Most of Toronto's politicians get a failing grade when it comes to voting to save money, according to a new report card by the Canadian Taxpayers Federation.

Thirty-three city councillors out of the Toronto's 45 representatives on council (including the mayor) received an "F" for voting to save taxpayers some cash. They were also noted for not turning down personal perks, approving an increase to the mayor's budget and not reducing the number of employees (about 45,000) that work for the city.

The federation released the report days before councillors were expected to vote on a tax package that would force Torontonians to pay an extra tax on new homes and vehicle registrations. The issue will be decided on Monday.

"We're trying to help raise awareness around Monday's vote," Kevin Gaudet, the Ontario director of the Canadian Taxpayer Federation, told

"The mayor keeps suggesting there is a fiscal crisis but he has not helped reduce spending on council. That's inconsistent with asking taxpayers to come up with the cash."

Mayor David Miller received an "F" but his record was a little better than some of his colleagues at the bottom of the list.

For instance, he voted twice out of 12 times in favour of measures that would save taxpayers some money. He also voted to eliminate free parking and free golf passes as perks.

Council Speaker Sandra Bussin, Budget Chief Shelley Carroll and Licensing Chair Howard Moscoe were tied at the bottom of the list while Coun. Rob Ford stood at the top of the list with an "A+".

Ford, who each year can boast spending only a few dollars out of his $53,100 office expense budget, took his thriftiness to another level in 2006 when he claimed he didn't spend a penny of taxpayer money.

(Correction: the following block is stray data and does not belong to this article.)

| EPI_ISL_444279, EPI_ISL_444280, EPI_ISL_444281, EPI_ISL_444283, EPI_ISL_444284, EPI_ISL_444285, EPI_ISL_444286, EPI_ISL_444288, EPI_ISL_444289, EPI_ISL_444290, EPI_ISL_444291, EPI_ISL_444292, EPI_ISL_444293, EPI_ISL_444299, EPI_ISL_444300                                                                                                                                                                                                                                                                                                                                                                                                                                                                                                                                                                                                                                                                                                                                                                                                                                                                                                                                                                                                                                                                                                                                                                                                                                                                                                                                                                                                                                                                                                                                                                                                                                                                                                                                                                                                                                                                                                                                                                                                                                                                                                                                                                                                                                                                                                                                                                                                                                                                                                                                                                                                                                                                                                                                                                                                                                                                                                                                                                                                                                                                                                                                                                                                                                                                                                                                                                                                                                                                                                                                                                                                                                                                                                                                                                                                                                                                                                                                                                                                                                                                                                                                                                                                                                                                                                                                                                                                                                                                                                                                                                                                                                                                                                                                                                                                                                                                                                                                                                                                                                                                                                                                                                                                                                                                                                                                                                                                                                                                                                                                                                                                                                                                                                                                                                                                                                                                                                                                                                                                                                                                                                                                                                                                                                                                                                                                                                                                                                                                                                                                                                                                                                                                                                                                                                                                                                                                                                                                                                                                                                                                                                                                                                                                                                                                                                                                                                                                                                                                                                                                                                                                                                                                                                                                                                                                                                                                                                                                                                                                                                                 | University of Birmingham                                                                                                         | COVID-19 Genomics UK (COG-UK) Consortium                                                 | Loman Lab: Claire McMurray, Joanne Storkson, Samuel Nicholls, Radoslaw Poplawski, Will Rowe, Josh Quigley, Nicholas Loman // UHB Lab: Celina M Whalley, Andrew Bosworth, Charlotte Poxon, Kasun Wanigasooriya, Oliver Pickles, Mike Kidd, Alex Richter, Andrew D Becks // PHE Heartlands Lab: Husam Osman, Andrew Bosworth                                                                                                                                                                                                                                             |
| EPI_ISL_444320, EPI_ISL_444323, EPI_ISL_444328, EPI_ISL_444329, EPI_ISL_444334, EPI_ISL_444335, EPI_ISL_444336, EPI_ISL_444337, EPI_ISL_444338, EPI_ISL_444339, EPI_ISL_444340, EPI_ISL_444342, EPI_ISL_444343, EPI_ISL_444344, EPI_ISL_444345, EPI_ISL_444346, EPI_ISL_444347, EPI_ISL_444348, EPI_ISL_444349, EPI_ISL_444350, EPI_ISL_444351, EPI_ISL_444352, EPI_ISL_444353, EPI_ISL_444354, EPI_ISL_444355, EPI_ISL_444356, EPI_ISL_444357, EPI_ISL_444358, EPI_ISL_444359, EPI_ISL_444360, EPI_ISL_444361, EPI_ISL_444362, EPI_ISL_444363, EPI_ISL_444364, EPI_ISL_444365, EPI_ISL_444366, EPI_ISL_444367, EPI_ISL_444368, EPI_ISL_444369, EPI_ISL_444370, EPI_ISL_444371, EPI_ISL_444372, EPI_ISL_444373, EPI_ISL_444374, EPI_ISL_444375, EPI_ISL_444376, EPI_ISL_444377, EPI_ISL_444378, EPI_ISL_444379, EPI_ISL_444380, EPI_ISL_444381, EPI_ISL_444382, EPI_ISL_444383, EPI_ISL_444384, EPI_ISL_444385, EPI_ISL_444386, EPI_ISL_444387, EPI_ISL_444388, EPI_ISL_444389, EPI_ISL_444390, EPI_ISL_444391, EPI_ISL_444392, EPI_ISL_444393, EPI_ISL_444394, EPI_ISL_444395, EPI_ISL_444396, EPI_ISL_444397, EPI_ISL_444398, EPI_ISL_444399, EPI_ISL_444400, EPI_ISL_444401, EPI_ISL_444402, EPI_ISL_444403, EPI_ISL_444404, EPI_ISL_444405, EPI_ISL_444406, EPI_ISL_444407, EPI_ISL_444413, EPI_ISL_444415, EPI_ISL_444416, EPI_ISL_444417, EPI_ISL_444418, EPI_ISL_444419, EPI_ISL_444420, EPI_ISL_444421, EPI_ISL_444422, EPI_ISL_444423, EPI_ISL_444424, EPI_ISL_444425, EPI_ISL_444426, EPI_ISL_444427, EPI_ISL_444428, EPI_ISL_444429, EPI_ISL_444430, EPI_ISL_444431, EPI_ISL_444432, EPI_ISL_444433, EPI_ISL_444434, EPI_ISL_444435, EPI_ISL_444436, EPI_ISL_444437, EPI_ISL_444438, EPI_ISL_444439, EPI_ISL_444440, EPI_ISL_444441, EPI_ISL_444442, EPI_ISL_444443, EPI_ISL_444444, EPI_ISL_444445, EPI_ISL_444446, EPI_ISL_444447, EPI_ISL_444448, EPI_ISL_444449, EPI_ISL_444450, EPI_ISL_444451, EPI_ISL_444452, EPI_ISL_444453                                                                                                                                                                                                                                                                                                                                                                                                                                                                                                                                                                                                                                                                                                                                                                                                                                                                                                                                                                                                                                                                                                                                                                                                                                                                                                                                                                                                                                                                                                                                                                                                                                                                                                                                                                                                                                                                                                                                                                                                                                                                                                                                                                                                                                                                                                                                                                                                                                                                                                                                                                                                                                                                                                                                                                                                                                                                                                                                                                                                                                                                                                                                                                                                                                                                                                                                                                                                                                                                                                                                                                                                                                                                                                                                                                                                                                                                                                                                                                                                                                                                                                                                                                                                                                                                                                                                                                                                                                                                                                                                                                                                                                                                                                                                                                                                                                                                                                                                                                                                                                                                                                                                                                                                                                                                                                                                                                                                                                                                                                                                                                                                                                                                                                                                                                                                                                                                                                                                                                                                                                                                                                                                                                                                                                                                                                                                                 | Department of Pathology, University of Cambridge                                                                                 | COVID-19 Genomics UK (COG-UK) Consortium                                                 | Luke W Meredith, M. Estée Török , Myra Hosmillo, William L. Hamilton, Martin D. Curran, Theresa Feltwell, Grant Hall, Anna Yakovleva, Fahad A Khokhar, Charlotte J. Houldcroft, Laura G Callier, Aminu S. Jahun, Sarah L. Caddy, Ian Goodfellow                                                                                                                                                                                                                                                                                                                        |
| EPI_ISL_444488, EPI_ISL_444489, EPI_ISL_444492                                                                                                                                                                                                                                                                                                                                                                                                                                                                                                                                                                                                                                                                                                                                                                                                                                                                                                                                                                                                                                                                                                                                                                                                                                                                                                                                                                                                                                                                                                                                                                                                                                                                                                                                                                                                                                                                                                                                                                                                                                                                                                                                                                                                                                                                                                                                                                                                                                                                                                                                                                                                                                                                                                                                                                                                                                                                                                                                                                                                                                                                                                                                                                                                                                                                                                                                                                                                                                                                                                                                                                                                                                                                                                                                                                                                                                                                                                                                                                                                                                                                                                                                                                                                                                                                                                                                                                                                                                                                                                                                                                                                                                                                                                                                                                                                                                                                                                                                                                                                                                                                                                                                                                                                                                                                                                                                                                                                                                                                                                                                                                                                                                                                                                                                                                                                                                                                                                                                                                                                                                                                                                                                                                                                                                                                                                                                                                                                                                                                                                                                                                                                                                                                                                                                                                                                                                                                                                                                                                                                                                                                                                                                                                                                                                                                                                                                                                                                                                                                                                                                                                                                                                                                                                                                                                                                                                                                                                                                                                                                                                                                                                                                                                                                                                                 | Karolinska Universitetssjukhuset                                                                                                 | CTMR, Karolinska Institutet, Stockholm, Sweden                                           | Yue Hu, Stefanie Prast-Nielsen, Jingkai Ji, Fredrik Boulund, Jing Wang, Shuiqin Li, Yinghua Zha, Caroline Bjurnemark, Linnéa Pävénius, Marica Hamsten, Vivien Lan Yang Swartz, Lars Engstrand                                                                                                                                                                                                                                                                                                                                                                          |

Some of his colleagues on council became suspicious of his spending habits, or lack thereof, and asked the city's auditor and integrity commissioner to look into his expenses.

Ford has always maintained he pays for his own cell phone and necessary office expenses.

The report card shows Ford voted against many councillor perks. He voted not to have free food at council meetings, not to have free parking across the city, not to have a free TTC pass and not to have free admission passes to golf courses or the zoo.

Moscoe, who in previous years has made headlines for spending the most of his allotted office budget, received an "F" by the organization. However, he said the group lacks credibility.

"I wouldn't give them the time of day," Moscoe told "They are a number of right-wing people who pretend to represent taxpayers, but they don't represent any of my taxpayers.

"I don't care about their grading system because they are a phony organization."

He said if the organization was credible, they would give the public an idea of how to become active participants in the group. Instead, people are only given donation options when they click on a "how to join" button on their website.

Gaudet dismissed Moscoe's claims and said council should lead by example.

"This money (they're spending) could be better spent elsewhere," he said.